Amazon To Build Two Distribution Centers In NJ

The retailer has agreed to build job-creating distribution centers in IN, CA, TN and SC in exchange for sales tax exemptions . . .

TRENTON, N.J. (AP) — Inc., the world's biggest online retailer, has agreed to collect 7 percent sales tax on purchases made in New Jersey starting next summer, the same time it plans to begin building two new distribution warehouses in the state.

The agreement, announced jointly by Gov. Chris Christie and Amazon executive Paul Meisner at the Statehouse on Wednesday, could bring thousands of construction jobs and 1,500 permanent positions at the warehouses. The collection of sales taxes, which online retailers like Amazon are not required to do now, will bring the state an estimated $30 million to $40 million a year in new revenue.

Amazon has not picked the locations for the warehouses. The retailer will be eligible for state economic assistance grants totaling millions on its investment of $130 million to build the warehouses.

"We're going to keep working and partnering with companies like Amazon to secure continued growth for our state and our families," Christie said in announcing the deal. "Each of (other companies') decisions to locate, stay or expand in New Jersey recognizes the concrete steps we've taken to improve our business climate, to create jobs and deliver tax relief and deliver new job opportunities to families in our state."

Amazon collects no sales taxes from New Jersey customers now, but would have been required to do so once the warehouses open. New Jersey residents who buy from Amazon are supposed to pay the sales tax themselves when they file their state income taxes, though few do.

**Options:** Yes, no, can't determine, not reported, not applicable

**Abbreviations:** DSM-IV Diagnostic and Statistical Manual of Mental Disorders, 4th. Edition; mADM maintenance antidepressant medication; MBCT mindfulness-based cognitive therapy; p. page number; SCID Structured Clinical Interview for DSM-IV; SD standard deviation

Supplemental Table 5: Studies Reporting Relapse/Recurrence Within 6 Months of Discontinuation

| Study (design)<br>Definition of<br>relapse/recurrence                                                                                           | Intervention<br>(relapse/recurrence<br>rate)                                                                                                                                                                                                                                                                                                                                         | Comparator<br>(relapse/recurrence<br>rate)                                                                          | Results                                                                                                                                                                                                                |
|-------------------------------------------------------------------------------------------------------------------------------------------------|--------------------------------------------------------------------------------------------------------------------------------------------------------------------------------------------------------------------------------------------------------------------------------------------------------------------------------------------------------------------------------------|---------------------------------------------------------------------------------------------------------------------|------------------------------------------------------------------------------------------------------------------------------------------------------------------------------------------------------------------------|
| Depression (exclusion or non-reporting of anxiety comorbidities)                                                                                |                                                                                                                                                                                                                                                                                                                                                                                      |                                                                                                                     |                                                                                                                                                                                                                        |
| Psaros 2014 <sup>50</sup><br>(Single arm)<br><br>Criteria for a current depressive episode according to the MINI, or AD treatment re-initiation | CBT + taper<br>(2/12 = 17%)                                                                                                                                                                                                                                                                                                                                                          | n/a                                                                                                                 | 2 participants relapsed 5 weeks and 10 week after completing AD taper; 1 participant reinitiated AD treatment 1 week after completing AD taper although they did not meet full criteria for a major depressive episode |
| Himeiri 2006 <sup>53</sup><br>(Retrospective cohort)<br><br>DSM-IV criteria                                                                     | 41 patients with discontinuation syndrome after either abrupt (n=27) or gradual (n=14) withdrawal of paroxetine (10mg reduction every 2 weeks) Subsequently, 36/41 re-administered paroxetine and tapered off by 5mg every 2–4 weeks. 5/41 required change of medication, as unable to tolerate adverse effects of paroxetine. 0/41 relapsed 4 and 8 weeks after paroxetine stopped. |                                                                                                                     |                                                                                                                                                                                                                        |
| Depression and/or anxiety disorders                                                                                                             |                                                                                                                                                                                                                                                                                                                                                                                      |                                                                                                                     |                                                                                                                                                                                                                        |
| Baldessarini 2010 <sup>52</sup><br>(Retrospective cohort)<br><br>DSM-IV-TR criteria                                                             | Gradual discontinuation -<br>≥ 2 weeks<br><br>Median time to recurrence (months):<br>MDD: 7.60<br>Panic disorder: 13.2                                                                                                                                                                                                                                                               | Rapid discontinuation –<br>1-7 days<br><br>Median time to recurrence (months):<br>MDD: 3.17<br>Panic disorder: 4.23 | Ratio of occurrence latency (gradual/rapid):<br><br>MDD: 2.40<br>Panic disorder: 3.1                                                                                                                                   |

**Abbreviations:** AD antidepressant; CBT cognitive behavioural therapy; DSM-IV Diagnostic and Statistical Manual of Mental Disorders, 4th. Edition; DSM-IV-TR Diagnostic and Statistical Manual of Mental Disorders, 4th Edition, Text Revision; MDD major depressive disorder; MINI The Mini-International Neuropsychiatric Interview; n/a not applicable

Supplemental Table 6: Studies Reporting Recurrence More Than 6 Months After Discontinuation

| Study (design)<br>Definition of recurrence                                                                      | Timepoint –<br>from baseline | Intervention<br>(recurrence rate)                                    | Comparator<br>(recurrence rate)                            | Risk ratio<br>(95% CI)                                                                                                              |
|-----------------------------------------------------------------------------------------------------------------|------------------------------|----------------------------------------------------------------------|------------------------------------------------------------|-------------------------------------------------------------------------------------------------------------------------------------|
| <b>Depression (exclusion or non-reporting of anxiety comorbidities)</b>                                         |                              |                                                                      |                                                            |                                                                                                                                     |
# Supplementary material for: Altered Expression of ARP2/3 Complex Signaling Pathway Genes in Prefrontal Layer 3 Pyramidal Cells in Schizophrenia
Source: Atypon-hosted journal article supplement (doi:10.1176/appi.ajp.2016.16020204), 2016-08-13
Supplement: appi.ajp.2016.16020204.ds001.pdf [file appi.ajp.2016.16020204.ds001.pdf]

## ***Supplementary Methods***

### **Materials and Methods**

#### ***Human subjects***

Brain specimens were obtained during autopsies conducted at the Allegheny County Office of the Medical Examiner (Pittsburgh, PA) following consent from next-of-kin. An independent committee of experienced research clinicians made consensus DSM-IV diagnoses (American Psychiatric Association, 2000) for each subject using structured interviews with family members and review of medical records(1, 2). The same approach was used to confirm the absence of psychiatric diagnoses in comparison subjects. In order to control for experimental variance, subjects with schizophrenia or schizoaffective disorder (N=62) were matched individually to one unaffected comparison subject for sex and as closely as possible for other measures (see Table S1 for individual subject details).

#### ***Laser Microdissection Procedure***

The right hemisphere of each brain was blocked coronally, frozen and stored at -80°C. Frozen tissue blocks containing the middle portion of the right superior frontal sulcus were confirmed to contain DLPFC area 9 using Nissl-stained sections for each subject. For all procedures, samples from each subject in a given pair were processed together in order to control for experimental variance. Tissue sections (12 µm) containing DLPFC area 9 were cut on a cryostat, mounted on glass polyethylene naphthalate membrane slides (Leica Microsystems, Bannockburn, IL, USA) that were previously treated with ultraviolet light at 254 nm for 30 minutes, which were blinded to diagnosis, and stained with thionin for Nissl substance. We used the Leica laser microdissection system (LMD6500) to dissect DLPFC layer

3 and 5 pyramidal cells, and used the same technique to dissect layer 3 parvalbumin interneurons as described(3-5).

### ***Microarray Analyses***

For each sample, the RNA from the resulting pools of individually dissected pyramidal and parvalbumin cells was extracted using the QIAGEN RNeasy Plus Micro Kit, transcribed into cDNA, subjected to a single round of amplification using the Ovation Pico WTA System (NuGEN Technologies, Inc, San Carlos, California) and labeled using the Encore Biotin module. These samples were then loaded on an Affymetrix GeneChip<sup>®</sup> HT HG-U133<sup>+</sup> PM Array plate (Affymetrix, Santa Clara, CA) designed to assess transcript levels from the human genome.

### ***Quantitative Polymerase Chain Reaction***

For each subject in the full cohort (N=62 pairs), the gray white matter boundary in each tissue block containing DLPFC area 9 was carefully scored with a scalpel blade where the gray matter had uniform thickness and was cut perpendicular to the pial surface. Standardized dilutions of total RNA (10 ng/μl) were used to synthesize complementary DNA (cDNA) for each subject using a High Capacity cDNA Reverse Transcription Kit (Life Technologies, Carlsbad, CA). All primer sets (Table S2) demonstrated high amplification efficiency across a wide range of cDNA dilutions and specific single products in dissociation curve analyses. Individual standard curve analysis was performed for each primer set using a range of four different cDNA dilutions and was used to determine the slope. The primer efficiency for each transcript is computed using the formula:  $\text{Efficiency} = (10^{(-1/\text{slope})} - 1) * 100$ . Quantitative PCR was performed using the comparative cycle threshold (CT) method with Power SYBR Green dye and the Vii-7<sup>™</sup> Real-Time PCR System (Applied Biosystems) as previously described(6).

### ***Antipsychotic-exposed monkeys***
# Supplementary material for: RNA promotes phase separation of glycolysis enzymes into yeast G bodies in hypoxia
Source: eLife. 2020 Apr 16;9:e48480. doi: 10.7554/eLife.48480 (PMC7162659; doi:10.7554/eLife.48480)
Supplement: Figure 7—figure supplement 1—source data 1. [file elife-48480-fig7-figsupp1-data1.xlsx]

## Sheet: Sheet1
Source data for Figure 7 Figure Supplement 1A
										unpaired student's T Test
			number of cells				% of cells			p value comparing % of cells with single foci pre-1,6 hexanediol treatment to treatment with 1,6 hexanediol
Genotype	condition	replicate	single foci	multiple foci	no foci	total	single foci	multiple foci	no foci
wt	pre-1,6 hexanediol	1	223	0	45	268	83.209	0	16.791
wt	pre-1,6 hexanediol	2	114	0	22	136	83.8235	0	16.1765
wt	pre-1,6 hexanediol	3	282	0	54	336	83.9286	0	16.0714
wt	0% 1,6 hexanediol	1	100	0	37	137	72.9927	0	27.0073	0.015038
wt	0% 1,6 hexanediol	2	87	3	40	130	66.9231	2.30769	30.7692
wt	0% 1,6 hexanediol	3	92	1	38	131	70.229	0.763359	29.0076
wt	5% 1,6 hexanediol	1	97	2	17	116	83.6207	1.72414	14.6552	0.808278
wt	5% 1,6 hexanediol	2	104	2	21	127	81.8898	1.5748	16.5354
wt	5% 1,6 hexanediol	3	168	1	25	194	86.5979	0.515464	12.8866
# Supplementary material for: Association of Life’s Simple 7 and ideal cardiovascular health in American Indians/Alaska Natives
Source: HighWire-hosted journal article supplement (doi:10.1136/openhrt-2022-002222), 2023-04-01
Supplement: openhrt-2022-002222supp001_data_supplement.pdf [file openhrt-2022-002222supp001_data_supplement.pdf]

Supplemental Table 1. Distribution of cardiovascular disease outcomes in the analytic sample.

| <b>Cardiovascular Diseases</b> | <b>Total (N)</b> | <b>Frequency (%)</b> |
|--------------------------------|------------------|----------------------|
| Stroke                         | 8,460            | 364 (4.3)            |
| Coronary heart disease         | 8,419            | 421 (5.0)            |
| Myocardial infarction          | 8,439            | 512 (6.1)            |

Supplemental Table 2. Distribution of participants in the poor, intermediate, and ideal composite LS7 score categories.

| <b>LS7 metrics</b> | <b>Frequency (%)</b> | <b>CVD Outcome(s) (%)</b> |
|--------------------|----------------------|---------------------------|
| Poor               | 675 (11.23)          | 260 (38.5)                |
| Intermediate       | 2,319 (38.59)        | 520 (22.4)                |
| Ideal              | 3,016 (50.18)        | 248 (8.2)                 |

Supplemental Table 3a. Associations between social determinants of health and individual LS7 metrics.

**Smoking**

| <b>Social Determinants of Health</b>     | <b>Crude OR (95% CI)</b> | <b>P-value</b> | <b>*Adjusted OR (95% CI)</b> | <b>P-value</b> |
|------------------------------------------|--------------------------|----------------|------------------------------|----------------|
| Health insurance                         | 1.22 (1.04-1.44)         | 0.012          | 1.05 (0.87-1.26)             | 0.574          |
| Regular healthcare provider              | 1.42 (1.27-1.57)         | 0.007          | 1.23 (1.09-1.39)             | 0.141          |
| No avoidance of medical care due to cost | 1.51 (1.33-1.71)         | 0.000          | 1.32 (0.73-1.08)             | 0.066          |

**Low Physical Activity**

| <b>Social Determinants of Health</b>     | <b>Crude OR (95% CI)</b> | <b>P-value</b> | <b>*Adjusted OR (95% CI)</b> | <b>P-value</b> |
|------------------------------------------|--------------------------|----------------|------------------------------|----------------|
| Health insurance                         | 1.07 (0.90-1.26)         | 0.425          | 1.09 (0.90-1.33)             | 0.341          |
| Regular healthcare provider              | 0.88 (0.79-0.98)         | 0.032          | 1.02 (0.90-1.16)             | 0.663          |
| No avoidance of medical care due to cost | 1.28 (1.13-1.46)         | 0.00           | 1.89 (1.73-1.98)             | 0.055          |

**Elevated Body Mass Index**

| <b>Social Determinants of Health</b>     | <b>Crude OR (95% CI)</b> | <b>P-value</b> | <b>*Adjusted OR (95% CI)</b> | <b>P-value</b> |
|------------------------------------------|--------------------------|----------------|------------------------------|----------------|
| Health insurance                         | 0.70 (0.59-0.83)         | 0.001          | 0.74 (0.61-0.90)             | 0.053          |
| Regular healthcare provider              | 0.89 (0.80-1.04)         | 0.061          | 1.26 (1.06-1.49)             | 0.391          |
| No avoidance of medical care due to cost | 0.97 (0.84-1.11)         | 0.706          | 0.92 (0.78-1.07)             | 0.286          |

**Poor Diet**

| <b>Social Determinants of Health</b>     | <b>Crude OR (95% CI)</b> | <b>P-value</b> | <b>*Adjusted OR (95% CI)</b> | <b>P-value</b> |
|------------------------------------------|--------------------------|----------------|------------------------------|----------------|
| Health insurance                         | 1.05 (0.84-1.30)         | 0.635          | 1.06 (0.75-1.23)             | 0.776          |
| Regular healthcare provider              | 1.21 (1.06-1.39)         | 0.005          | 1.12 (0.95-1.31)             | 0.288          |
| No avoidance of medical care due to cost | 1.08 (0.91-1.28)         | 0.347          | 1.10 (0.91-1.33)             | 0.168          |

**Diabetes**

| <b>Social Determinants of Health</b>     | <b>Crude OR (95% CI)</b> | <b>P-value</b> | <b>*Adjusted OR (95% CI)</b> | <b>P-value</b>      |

The retailer has agreed to build job-creating distribution centers in Indiana, California, Tennessee and South Carolina in exchange for sales tax exemptions. It had requested a 22-month sales tax exemption in New Jersey.

Assembly Majority Leader Lou Greenwald of Voorhees introduced legislation in February aimed at enticing Amazon to locate in the state by granting it limited-time sales tax immunity. Though the bill was designed in the long-term to eliminate the disparity between online retailers and those operating out of traditional storefronts, brick-and-mortar retailers opposed the bill.

But they applauded the deal.

"There has been no bigger issue facing retailers than sales tax fairness, and we need to now use this event to continue the momentum and pressure Washington to finally resolve this issue for all Internet retailers once and for all," said John Holub, president of the NJ Retail Merchants Association. "We applaud the bipartisan efforts in Trenton to deliver a level playing field for retail businesses large and small."

Assemblyman Al Coutinho, a Newark Democrat who stood with the governor to announce the deal, said the agreement accomplishes everything the legislation would have done.

"What matters is the job creation and economic growth that will come with this enterprise," said Coutinho. "We need jobs, economic growth and a level playing field, and we get all three with this agreement."